If we can agree (and we should) that Spurgeon, Gill, the Particular Baptist confessors, the Westminster divines, and other Calvinist patriarchs were the baseline for ordinary or regular (as opposed to hyper) Calvinism, then we should be clear that the term must be applied to those who deny or forbid indiscriminate evangelism. Who then remains to be called a Hyper-Calvinist? The answer has historically been employed toward the Strict Baptists in England and the Particular Baptists in America (on the latter, it is my experience that many of the “Primitive Baptists” or “Black Rock Baptists” don’t forbid evangelism, so much as they deny the Biblical validity for mission societies usurping the evangelistic role of local churches – so be careful with your characterizations; my polemical expertise does not extend to the Strict Baptists of Britain, so I cannot speak to the veracity of that claim). There is a fantastic account of the influence of Hyper-Calvinists in the missional calling of William Carey, who was forbidden by his church association to be a missionary, with a pastor saying, “Sit down! When God is pleased to convert the heathen world, He will do it without your help or mine.”(source link) While any Calvinist would agree with the sentiment that God would save anyone he wants, whenever he wants, we would reject the notion that God should have us despise missionary zeal. It is this attitude that Carey faced in 1786 that fostered such a hot hatred toward the real Hyper-Calvinists (even before the term was coined) that would lead to such strong denunciations by men like Andrew Fuller and Charles Spurgeon.

In recent years, it seems that a third characteristic has been thrust upon the definition of Hyper-Calvinism, and quite independent of historic validity. The notion, which has been popularized in recent decades, is that a Hyper-Calvinist has yet a third characteristic heretofore undefined; believing that Arminianism is heresy.

The ecumenical trend of the 20th century in America and Western Europe has not been without its influence even in conservative or Calvinist circles. Calvinists have softened their enunciations of Arminianism’s errors, and so, those willing to refer to Arminianism as heresy or damnable error seem extraordinarily harsh. Because of this, in my estimation, the term “Hyper-Calvinism” has been falsely applied to them. If such strict standards of orthodoxy lead to what is perceived as uncharitability to Arminians is wrong – indeed if it is sinful – then those in disagreement with those strict standards should employ a different term to their opponents than Hyper-Calvinism. That term has already been defined, and it should not be redefined to better accommodate the sensitivities of our age.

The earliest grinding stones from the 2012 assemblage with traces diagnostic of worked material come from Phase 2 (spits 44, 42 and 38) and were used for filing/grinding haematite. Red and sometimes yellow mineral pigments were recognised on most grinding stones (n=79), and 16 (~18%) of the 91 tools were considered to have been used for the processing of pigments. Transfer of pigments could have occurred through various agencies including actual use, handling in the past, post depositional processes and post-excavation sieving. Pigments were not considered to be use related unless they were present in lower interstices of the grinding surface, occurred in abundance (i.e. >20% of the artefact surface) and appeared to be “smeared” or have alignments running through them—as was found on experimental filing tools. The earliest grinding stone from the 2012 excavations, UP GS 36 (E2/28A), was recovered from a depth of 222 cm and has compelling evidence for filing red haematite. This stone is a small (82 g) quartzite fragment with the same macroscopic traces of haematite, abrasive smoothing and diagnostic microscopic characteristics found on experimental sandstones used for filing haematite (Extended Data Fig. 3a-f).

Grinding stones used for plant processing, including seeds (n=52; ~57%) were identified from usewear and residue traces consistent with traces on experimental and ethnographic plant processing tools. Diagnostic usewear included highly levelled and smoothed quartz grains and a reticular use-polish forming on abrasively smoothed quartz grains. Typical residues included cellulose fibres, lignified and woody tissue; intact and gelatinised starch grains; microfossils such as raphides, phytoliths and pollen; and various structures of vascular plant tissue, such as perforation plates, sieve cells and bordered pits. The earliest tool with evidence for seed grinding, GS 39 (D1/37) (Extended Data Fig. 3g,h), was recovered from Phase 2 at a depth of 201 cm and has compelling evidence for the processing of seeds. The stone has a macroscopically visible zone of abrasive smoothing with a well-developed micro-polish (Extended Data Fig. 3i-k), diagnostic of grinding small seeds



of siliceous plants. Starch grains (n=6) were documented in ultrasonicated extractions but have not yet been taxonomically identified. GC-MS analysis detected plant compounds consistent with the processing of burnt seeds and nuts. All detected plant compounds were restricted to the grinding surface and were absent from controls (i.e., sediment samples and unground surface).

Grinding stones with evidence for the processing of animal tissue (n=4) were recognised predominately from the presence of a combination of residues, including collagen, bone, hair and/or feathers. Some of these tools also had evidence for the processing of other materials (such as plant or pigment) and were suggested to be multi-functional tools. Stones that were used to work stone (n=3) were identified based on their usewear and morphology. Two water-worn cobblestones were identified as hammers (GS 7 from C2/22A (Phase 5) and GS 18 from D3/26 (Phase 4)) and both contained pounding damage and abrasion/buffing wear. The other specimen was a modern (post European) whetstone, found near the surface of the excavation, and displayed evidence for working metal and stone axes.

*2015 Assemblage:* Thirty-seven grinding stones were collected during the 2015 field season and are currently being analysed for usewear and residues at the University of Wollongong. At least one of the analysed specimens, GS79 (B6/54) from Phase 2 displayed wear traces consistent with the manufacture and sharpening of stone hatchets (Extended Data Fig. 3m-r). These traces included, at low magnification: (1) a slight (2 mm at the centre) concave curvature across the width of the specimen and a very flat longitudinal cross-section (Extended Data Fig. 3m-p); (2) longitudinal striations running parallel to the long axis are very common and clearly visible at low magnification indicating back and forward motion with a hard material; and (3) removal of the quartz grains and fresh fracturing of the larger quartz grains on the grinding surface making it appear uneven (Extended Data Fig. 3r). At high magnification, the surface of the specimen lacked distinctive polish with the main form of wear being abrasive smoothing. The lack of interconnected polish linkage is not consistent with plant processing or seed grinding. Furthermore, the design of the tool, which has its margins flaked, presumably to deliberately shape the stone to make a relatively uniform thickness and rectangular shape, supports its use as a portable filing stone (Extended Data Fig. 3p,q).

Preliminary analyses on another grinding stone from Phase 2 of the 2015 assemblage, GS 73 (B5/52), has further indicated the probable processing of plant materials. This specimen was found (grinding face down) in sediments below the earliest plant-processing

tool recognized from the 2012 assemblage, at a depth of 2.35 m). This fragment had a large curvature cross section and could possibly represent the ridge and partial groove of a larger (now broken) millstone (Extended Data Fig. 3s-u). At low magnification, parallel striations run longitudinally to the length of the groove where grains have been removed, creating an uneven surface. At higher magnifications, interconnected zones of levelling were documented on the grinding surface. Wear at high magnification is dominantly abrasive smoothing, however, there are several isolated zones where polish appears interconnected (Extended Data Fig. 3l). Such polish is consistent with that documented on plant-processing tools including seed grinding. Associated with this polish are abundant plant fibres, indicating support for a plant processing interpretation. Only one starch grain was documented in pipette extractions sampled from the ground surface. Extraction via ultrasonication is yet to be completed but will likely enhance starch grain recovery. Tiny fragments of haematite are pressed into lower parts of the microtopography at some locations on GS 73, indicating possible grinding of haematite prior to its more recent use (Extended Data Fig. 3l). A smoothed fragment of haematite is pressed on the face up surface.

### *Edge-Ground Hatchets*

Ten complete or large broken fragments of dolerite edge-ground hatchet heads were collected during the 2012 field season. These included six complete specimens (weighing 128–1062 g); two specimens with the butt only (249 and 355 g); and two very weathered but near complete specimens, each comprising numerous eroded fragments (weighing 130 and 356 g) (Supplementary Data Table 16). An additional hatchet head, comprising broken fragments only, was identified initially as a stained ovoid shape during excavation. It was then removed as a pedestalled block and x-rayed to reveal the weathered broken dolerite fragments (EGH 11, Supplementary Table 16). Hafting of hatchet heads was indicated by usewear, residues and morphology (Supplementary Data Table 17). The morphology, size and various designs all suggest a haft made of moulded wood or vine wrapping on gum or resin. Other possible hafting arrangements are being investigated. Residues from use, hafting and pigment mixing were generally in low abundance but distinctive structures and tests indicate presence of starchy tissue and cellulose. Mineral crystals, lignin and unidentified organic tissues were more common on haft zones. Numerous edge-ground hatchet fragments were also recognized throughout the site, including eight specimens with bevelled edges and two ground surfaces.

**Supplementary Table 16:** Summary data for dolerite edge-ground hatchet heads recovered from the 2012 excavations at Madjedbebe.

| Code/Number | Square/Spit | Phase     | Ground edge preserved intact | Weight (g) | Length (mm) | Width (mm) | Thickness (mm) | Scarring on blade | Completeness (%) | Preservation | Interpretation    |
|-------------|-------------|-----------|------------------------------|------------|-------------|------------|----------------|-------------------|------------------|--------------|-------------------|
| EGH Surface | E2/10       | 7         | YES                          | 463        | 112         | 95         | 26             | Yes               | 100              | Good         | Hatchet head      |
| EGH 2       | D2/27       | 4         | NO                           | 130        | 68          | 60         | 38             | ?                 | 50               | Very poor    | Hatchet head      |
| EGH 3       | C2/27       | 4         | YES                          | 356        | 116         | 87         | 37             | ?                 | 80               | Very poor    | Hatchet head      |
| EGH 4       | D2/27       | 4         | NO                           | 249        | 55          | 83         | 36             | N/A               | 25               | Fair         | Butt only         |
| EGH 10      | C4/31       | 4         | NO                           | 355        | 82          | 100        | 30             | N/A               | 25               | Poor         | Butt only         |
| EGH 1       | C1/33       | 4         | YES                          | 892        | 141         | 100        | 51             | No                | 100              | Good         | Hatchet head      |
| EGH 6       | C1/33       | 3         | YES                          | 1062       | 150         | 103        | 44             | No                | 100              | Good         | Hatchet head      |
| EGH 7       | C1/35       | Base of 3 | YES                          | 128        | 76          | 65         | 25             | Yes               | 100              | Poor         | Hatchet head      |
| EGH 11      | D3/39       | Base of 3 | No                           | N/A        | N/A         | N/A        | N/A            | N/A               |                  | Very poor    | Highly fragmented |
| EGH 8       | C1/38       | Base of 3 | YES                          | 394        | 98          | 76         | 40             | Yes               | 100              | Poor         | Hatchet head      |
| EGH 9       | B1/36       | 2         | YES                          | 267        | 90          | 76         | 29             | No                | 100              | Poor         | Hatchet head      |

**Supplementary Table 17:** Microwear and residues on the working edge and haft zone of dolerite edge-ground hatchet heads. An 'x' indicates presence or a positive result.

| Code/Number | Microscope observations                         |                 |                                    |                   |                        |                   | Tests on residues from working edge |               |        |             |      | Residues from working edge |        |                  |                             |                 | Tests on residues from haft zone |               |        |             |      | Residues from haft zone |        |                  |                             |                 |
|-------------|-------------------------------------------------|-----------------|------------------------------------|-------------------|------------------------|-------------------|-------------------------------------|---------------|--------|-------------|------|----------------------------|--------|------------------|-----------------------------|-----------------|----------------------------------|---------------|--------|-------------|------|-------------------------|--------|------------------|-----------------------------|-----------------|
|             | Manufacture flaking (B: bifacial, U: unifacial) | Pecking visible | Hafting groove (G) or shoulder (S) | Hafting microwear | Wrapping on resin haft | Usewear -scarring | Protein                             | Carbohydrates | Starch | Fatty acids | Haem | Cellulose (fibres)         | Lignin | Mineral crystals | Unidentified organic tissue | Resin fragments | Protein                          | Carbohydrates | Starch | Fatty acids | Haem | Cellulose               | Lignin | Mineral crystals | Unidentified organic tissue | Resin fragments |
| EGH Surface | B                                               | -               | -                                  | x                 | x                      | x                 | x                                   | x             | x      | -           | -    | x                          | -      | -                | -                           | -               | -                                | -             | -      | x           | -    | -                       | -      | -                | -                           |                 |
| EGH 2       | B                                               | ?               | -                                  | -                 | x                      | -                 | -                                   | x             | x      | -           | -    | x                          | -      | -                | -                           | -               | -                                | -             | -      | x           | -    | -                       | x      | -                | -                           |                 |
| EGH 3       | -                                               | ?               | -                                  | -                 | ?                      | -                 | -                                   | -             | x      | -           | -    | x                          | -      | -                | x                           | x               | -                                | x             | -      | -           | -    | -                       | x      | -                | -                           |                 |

The fact is, Calvinism – as best we understand it in historic terms – calls Arminianism heresy (in both explicit and in varying but similar terms).

The Canons of Dort explicitly reject Arminianism as a false teaching, says it, “smacks of Pelagius,” (Article 18, Chapter 4) and a “gross error” (Article 18, Chapter 6). Spurgeon said that justification – as taught by an Arminian – is nothing but salvation by works (source link). That is a damning accusation. What could be more damning than accusing someone of propagating a salvation by works? The most famous quotation from our beloved Spurgeon is below.

What is the heresy of Rome, but the addition of something to the perfect merits of Jesus Christ, – the bringing in of the works of the flesh, to assist in our justification? And what is the heresy of Arminianism but the addition of something to the work of the Redeemer? Every heresy, if brought to the touchstone, will discover itself here. I have my own private opinion that there is no such thing as preaching Christ and Him crucified unless we preach what nowadays is called Calvinism. It is a nickname to call it Calvinism; Calvinism is the gospel, and nothing else. I do not believe we can preach the gospel, if we do not preach justification by faith, without works; nor unless we preach the sovereignty of God in His dispensation of grace; nor unless we exalt the electing, unchangeable, eternal, immutable, conquering love of Jehovah; nor do I think we can preach the gospel, unless we base it upon the special and particular redemption of His elect and chosen people which Christ wrought out upon the cross; nor can I comprehend a gospel which lets saints fall away after they are called, and suffers the children of God to be burned in the fires of damnation after having once believed in Jesus. Such a gospel I abhor (source link ) [bold type added by me].